Talking Proud --- Military

Burma Banshees, "Angels on our Wings," the call of death to the enemy

February 22, 2005

The Japanese race through Asia

80th Fighter Group (FG) "Burma Banshee" P-40N "Warhawk," 1944. A painting by Richard Groh, presented by Adam Lewis' "Adam's planes."

The word to describe Japanese ambitions in Asia is “expansion.” The Japanese had a vision of owning a "Greater East Asia Co-Prosperity Sphere," though their actions to follow would hardly have accomplished such an objective. While the Chinese wanted the Europeans out, the Japanese wanted to control as much of Asia as they could. At this point, the Japanese were not anxious to confront the Europeans directly, but instead chose to impress the them, and the Americans, that it would be wise to leave.

Imperial Japanese Army Invades China. Photo courtesy of Fourth Marines Band, and J. Michael Miller

In 1931, the Japanese Army invaded Manchuria and took it over, lock, stock and barrel. Japan then invaded the rest of China in 1937. The year 1937 is an important one to remember in Chinese history.

To complicate all this, the Nationalist Chinese, led by Chiang Kai-shek, were in a civil war with the Communist Chinese led by Mao Tse Tung, and both the Nationalist and Communist Chinese were at war against the Japanese invasion forces. So it's now 1937 and China is really in a shambles.

The United States allied with Chiang, the "nationalist," and against Mao, the communist. But the US was mightily concerned about Japanese expansionism and imperialist ambitions as well.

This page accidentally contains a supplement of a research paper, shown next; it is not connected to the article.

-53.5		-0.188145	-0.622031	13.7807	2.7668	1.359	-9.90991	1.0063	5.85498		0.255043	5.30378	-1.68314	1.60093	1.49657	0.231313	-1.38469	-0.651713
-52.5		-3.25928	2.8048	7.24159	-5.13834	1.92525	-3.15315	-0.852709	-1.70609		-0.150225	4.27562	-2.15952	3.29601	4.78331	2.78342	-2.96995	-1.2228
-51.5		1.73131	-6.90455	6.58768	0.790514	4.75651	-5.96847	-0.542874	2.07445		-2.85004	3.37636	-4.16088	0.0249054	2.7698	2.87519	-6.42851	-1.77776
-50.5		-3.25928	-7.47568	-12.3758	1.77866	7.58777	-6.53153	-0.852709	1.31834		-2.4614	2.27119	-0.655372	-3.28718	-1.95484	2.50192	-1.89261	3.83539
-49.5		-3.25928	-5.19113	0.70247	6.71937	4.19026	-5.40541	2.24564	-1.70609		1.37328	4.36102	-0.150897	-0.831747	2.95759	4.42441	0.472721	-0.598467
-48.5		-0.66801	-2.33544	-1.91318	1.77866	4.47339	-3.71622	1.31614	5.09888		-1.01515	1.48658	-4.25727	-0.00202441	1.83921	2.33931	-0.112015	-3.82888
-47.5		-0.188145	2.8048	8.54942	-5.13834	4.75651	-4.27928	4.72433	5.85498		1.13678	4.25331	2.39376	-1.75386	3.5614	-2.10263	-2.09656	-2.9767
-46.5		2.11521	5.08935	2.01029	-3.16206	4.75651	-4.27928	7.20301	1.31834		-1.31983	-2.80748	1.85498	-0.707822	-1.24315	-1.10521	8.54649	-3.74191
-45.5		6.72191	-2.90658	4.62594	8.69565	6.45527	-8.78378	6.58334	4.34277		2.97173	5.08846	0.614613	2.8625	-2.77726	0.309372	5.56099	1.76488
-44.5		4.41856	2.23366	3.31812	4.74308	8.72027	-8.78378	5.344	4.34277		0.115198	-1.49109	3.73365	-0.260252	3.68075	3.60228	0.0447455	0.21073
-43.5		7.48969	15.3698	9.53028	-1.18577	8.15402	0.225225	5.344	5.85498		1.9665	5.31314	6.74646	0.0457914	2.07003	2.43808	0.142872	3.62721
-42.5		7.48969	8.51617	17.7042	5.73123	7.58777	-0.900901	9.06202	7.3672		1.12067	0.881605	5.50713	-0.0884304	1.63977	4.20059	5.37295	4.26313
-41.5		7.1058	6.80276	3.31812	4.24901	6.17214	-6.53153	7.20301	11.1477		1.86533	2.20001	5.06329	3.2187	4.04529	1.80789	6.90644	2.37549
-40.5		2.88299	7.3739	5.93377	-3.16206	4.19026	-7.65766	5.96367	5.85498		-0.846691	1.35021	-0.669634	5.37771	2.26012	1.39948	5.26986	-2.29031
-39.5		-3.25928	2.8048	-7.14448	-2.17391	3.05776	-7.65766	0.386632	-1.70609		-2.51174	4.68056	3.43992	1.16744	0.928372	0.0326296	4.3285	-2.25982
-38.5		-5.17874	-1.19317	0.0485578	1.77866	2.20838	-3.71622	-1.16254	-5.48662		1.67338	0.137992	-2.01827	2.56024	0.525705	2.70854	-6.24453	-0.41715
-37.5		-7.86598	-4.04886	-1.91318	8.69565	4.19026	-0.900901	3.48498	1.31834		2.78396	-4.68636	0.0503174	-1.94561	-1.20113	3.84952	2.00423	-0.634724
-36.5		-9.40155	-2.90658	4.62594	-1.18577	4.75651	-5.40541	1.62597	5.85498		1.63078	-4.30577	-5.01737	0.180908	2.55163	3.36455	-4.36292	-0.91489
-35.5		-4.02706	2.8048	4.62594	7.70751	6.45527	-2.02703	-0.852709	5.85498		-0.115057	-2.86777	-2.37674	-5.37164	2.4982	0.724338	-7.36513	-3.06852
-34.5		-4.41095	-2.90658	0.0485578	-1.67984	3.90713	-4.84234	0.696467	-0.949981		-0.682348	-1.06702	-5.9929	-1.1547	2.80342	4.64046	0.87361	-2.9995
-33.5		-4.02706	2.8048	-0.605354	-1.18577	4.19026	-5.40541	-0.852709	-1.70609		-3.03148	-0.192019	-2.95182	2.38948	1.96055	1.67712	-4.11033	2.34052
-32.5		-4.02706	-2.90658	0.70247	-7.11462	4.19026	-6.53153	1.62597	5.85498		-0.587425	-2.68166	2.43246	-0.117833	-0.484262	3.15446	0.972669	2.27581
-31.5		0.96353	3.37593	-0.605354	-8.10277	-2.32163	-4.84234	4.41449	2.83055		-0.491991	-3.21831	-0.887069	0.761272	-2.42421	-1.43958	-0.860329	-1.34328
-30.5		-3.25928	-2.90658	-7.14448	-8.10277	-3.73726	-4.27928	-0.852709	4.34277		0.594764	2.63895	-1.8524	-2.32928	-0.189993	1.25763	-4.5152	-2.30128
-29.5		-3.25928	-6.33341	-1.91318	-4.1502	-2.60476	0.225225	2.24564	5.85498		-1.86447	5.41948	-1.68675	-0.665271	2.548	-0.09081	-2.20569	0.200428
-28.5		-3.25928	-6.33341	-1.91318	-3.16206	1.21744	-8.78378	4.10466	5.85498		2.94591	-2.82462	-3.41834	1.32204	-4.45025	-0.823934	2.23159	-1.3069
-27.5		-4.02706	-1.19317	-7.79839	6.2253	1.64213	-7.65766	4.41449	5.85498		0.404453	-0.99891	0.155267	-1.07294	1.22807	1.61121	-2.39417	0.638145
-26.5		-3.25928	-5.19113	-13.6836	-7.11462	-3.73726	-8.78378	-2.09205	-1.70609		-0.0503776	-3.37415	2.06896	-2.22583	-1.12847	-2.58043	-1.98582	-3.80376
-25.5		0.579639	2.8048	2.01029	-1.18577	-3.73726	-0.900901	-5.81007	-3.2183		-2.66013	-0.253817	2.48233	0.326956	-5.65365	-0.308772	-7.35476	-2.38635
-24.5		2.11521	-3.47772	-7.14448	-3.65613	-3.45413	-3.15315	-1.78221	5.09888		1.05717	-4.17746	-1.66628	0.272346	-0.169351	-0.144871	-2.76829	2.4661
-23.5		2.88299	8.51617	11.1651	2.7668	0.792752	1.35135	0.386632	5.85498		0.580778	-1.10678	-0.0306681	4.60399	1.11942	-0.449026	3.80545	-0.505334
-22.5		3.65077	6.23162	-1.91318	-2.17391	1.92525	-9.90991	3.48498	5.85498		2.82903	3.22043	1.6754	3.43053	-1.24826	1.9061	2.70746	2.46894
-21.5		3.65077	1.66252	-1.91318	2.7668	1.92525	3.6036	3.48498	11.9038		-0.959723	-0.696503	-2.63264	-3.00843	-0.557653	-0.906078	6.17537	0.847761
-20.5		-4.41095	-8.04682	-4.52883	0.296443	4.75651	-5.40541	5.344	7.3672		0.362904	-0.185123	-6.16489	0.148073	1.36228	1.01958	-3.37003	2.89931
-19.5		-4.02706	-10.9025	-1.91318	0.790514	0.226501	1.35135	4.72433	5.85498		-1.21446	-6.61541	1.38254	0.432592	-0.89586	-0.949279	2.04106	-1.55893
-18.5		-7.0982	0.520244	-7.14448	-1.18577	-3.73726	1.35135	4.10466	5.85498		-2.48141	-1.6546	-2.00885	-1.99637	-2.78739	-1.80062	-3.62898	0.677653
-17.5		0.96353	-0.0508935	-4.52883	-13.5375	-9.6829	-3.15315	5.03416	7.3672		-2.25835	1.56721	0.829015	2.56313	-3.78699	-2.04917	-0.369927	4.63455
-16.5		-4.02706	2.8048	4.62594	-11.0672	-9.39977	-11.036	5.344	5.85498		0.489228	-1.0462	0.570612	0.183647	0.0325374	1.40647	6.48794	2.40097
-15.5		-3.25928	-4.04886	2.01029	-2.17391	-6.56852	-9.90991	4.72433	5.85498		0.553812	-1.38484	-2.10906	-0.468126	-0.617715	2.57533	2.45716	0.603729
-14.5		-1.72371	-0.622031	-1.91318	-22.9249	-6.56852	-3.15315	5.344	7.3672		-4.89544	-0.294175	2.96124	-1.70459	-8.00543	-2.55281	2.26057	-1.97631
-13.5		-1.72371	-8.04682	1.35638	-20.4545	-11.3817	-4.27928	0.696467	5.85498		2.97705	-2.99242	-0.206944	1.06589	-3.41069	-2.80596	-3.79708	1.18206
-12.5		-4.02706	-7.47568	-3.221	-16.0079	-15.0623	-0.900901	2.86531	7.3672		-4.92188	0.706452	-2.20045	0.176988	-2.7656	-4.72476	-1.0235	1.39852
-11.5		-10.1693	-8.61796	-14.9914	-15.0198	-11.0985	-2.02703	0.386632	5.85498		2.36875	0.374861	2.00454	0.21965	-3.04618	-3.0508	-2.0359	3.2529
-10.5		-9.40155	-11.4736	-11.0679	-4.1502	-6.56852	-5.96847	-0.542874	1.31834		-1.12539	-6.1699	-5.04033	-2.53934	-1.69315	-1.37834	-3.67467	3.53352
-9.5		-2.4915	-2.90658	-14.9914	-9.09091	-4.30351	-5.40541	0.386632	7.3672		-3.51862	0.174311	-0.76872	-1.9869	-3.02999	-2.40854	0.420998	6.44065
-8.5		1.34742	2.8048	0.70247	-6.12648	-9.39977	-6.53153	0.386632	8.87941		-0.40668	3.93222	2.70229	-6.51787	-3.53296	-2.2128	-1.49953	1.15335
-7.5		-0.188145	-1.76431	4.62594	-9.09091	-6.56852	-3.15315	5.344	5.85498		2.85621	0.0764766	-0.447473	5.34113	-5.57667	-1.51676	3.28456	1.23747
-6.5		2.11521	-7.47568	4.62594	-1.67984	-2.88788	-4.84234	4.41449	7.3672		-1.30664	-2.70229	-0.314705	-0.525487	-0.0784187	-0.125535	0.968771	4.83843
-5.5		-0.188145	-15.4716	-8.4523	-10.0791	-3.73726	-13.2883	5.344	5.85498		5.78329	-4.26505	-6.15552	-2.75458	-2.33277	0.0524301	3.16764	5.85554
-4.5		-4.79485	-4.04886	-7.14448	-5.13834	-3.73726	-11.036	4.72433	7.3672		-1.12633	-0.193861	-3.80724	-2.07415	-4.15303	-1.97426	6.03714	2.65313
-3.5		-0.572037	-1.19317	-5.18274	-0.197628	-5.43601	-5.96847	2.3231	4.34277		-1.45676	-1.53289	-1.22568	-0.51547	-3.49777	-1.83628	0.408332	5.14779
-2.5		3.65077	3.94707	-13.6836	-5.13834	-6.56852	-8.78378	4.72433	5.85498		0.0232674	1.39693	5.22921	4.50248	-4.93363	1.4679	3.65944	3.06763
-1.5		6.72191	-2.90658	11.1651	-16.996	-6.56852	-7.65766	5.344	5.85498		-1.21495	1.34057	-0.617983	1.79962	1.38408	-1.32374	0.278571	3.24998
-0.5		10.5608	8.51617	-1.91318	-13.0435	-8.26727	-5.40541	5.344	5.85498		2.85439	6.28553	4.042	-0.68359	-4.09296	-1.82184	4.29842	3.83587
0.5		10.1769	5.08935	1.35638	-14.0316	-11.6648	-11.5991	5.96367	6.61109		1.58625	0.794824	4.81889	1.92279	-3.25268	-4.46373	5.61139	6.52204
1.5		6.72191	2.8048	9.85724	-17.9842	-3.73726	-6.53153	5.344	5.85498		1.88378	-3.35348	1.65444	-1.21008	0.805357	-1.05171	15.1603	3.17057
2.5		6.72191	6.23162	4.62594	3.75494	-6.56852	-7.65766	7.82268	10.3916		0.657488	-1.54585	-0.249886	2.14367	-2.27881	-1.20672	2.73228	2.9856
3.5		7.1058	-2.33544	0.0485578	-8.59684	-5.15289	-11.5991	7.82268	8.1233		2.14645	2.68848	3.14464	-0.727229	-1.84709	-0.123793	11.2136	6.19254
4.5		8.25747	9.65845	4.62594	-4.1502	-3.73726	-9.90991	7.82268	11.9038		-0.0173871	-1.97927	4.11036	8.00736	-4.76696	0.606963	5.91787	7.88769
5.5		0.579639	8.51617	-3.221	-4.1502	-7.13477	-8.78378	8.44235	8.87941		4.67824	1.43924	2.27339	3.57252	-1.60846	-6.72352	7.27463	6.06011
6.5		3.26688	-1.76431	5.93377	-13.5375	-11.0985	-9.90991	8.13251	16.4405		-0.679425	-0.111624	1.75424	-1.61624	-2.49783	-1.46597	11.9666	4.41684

For our purposes, the Japanese invasion of China in 1937 produced two major events:

This map, courtesy of National Geographic, highlights the situation in the late 1930s and early 1940s. The brownish-red areas are held by the Japanese.

First, recall that the Japanese by now controlled the Manchurian Railway in the north, controlled the entire Korean peninsula, and were rapidly gaining control of most of China's Pacific coastline as the result of their invasion. China was effectively cut off from world trade. In response, the Chinese undertook to build a road from Kunming in southern China to a Burmese railhead at Lashio, which then connected to Rangoon port by rail, and thence the Bay of Bengal and Indian Ocean.

Section of the Burma Road, known as the "twenty-one curves" at Annan, China travels through a mountain pass. US Army photo, drawn from "Stillwell Road, land route to China," by Nelson Grant Tayman, June 1945 edition, National Geographic.

The Chinese finished this road in 1938. This road, called the Burma Road, was crucial because Japan already controlled the Manchurian Railway in the north, was rapidly gaining control of China's entire coastline, and the Nationalist Chinese had only one available outlet for resupply left, through Burma. For now, disregard the Ledo Road on the map above. Just tuck it into your memory bank. It was built later and we will highlight that for you when the time comes.

Claire L. Chennault with Madame Chiang Kai-shek and Generalissimo Chiang Kai-shek. In 1937, with China at war with Japan, he accepted an invitation by Madame Chiang Kai-shek, Secretary of the Chinese air force, to build the Chinese air force. Photo presented by the Secretary of State, Louisiana, "Delta State Museum."